SEA Currents: research
Dolphins, Whales and 21st Birthdays
What a day on the Cramer! This is about to be a long blog, but I deemed it necessary to try to capture all that this day had to offer, so stick with me. Though every day has its excitement here on board, today was something to remember. We spent the day in the Hudson Canyon, the largest submarine canyon along the US Atlantic Coast, rivaling the depth and scale of the Grand Canyon, just southeast of New York City.
We got the opportunity to participate in the New York Seascape program, a program working to connect New York residents to their nearby ocean.
Today was another exciting day aboard the Cramer! I woke up this morning and had some extra delicious blueberry muffins for breakfast. I had morning watch this morning and today I was finally in lab, the first time since leaving Bermuda. Usually when I enter the lab, I always glance to the little shelf near the port side porthole where the cool specimens from the previous evening’s science station are kept so everyone can see them. I was especially excited once I walked into the lab this morning because I saw a creature that I didn’t even know existed- a Paper Nautilus.
My days onboard are more or less the same; at 0600 I get a wakeup for breakfast, which I inevitably ignore until 0700 when the second seating of breakfast is served. I’ll wander around haphazardly until 1000, when the ship goes hove to for morning station. I get my dipnet, my buckets, the saltwater hose and begin staring out at the sea for the next two hours, hoping to catch a glimpse of tiny spots of gold flecked among the vast expanses of blue water.
Stanford@SEA: Hello Landlubbers!
All is well on the Robert C. Seamans. We set sail from Papeete 40 hours ago and made a fast transit to Oponohu Bay on Moorea to conduct our ship station drills and familiarization routines. Captain Pamela chose this location for its natural beauty and calm waters. We lay at anchor at Moorea for 20 hours while all aboard trained and made ready for sea. Fire drills, man overboard exercises and abandon ship training must be completed, as we are not a passenger vessel.
Day in the Life of a Galley Steward
We reached our 1,000th cumulative mile of our journey during early dawn this morning while the spray was whipping over the bow and the only light on deck was from the stars. We were taking a slight diversion South through the South Sargasso Sea in hopes of obtaining more samples of Sargassum and possibly the form we have not found much of on this voyage:
Another day has come and gone aboard the Cramer. I can’t believe we’ve been at sea for almost two weeks already! It was a warm and beautiful sunny day, although a strong twenty knot wind producing six to eight foot waves had some feeling unwell. Our watch group (B) was supposed to undergo a training for going aloft onto the fore mast today, but the rough sea state prevented us from doing so. I spent the afternoon in lab with Maggie and Grayson, our assistant scientist, counting microplastics and identifying zooplankton and Sargassum fauna from our morning station Neuston tow.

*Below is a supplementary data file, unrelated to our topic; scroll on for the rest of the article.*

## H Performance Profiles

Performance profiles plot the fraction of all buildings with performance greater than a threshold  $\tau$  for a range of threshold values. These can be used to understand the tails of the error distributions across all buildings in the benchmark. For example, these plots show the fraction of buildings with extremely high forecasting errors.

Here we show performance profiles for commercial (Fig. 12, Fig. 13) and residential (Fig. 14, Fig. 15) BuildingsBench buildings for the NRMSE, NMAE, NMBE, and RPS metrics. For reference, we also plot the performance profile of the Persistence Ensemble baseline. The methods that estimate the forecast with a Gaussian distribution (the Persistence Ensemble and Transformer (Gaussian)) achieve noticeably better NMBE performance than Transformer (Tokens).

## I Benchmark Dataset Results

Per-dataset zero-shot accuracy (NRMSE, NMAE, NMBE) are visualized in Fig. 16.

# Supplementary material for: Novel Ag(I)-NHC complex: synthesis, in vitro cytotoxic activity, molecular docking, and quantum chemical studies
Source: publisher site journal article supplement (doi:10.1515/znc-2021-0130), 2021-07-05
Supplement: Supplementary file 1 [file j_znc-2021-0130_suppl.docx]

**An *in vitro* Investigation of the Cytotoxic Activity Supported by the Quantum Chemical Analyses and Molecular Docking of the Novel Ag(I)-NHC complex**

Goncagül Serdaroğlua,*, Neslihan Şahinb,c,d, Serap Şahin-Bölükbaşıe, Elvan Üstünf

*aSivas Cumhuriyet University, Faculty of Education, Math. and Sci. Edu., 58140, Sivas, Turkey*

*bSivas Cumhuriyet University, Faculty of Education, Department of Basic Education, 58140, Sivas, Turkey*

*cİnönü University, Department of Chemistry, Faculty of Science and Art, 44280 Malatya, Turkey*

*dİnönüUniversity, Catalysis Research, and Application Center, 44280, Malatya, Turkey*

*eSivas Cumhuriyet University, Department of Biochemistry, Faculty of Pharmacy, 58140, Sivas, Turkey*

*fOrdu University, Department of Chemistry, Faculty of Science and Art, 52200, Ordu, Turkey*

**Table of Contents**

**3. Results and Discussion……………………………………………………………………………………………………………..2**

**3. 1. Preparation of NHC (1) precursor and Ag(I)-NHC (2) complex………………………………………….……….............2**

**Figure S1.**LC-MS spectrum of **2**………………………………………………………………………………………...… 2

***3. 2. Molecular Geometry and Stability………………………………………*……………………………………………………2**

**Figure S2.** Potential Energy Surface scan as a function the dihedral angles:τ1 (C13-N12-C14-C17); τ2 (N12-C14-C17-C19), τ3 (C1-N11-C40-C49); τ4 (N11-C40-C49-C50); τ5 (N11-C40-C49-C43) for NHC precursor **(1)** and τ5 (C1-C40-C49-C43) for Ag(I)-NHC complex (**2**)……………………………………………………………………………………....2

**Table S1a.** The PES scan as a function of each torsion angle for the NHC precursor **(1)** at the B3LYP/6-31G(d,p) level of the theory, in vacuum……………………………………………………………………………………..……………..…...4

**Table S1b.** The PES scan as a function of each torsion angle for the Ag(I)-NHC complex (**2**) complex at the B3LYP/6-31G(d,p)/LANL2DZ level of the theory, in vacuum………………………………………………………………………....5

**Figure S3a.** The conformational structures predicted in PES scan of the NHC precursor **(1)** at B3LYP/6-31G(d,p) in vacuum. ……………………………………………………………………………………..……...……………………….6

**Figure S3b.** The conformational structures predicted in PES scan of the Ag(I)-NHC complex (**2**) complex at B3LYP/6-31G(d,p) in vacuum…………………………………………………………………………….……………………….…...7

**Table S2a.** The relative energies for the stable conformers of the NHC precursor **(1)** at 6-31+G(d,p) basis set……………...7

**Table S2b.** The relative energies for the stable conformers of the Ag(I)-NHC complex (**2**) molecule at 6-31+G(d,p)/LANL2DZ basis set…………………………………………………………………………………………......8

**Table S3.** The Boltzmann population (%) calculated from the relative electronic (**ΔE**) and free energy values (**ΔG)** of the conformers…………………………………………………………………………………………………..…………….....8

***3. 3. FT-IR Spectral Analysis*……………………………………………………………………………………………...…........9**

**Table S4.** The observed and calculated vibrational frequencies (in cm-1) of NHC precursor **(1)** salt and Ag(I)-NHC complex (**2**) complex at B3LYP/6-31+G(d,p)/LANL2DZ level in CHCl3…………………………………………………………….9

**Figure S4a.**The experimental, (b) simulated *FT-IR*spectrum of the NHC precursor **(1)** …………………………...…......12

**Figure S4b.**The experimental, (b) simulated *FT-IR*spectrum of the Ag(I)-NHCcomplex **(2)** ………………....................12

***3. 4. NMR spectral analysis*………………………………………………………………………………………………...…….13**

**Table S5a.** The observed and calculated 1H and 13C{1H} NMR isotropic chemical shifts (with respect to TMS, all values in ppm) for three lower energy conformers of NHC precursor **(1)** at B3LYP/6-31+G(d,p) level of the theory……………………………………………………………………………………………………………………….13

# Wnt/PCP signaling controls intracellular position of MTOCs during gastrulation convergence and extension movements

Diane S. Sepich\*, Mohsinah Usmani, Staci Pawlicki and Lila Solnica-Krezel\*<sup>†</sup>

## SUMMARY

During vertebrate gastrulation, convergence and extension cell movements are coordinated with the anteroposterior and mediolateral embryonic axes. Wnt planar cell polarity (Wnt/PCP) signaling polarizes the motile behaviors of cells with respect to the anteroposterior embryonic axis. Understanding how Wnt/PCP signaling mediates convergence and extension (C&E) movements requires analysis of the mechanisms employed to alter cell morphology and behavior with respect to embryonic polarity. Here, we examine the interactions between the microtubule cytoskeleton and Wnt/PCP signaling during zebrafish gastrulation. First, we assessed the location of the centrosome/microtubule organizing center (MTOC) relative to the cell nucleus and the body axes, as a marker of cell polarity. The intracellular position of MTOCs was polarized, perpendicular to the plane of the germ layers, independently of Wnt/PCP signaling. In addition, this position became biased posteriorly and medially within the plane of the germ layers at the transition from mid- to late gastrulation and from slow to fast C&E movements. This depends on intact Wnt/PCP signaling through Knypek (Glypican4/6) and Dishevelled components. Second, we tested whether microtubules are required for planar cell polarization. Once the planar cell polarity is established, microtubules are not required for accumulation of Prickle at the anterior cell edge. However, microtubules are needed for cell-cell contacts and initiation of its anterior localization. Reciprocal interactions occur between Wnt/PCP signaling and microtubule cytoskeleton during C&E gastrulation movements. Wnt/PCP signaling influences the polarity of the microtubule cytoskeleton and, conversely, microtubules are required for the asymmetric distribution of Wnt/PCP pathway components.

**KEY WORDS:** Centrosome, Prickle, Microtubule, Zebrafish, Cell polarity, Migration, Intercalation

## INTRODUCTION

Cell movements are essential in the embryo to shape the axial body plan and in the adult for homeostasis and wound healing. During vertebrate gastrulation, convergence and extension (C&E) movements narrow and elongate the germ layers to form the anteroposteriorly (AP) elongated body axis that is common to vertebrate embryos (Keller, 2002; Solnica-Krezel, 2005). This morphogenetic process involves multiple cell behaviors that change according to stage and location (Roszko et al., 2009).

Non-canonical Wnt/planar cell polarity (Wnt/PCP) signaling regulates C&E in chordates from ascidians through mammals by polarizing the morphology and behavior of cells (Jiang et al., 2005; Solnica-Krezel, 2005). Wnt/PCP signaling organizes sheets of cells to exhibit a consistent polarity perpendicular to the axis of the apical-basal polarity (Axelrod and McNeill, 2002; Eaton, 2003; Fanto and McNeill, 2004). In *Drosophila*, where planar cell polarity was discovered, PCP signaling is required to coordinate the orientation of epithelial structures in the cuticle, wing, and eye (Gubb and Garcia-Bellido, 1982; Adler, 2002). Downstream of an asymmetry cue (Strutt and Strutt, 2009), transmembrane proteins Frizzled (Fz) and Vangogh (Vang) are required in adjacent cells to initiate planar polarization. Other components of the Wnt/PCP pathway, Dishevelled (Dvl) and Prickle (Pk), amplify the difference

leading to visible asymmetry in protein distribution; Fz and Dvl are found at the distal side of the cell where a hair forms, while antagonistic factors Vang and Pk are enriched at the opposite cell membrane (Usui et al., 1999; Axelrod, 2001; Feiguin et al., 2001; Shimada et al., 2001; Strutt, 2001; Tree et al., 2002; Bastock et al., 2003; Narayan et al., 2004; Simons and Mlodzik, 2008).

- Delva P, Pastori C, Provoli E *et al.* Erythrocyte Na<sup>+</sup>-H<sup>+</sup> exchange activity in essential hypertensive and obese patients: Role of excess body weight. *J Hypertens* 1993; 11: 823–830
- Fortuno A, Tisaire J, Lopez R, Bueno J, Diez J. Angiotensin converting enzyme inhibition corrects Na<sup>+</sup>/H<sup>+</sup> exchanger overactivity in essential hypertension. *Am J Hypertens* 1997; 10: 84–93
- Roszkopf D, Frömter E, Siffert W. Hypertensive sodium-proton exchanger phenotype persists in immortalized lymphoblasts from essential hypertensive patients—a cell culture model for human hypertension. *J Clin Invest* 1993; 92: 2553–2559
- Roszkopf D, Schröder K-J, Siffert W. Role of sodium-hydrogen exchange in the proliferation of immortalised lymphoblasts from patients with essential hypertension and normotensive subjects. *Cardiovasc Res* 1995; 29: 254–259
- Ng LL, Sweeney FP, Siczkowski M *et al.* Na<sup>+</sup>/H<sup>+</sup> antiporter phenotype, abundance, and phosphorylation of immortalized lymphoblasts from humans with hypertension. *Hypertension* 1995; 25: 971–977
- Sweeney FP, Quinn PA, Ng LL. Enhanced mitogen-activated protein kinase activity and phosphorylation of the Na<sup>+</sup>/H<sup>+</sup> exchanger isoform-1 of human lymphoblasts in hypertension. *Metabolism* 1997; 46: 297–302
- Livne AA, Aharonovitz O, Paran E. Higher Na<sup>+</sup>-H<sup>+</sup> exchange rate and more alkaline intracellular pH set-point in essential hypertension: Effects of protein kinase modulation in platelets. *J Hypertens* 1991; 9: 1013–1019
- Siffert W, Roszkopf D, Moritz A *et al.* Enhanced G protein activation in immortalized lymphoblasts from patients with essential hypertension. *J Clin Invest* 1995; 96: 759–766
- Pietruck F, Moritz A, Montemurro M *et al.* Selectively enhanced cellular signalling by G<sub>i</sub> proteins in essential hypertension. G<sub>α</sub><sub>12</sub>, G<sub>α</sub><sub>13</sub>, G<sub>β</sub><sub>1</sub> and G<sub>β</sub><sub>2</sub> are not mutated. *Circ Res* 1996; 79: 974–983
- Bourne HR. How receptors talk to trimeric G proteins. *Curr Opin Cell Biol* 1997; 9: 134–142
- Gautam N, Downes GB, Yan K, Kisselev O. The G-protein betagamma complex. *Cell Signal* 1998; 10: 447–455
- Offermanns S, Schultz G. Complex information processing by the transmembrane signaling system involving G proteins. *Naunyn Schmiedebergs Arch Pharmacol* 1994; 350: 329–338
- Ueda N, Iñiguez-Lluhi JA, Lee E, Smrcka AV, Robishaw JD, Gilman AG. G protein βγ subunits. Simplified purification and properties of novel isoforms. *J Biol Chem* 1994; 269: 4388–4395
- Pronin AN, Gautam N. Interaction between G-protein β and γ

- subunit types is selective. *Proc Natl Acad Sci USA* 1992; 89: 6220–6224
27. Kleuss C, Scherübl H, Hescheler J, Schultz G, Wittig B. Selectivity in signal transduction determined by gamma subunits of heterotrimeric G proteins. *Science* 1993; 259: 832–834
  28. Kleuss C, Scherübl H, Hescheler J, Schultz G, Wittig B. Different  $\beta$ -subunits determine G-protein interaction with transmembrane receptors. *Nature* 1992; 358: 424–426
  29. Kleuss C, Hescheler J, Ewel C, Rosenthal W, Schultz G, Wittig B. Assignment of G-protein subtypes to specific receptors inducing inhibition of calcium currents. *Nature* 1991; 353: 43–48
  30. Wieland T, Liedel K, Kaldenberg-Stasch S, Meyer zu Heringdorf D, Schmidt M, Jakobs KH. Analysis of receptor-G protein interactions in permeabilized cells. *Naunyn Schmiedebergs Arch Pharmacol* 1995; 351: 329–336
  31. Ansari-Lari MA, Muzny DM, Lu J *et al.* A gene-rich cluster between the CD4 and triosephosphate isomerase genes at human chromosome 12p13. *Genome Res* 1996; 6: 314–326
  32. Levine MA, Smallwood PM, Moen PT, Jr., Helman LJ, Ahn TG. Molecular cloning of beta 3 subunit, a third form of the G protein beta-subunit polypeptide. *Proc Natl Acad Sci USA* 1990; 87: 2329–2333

Sweet Life on Deck
We have officially left the coastal waters of the Bahamas, and have entered the high seas, en route to Bermuda. Today was another eventful day onboard the Cramer; standing watch, collecting samples, conducting genetic extractions/analyses, and setting sails. During the allocated “class time,” the crew divided into watch teams (A, B, and C) and set all nine of the Cramer’s sails.
SEA Supports Global Launch of .ECO
Today marks the global launch of .eco, a new symbol of sustainability.
Environmentalism and conservation are core elements of SEA Semester’s mission and curriculum, both in the classroom and at sea. While program specifics vary, students are focused on gaining a deeper understanding of critical issues including climate change, sustainability, biodiversity, human impact on the environment, and environmental justice. Students are actively involved in field research, and their work often contributes to international ocean research efforts.
“Wow, what an exciting day!” – me, every day
There truly is no limit to the excitement on board here. I especially felt this way today, which also happens to be my favorite schedule. We (B/Best watch) had night watch last night (1900-0100), meaning we got a semi-normal night sleep and then the whole morning until lunch free to ourselves. For me, that meant starting off with an awesome breakfast quiche made by Angel, even though I slept right through 0700 breakfast (she’s the sweetest).
Triple Stack Triumph!
It’s a beautiful day on the Cramer! The skies are mostly clear and we’re still in shorts/sandals weather. Along with slowly gaining my sea legs and shaking off seasickness, my science watches have been getting more and more exciting. Last night’s evening watch started out slow in lab, but at 2300 things picked up quickly. We deployed our first triple stack (two 1-meter nets at different depths and a neuston net at the surface) of the cruise!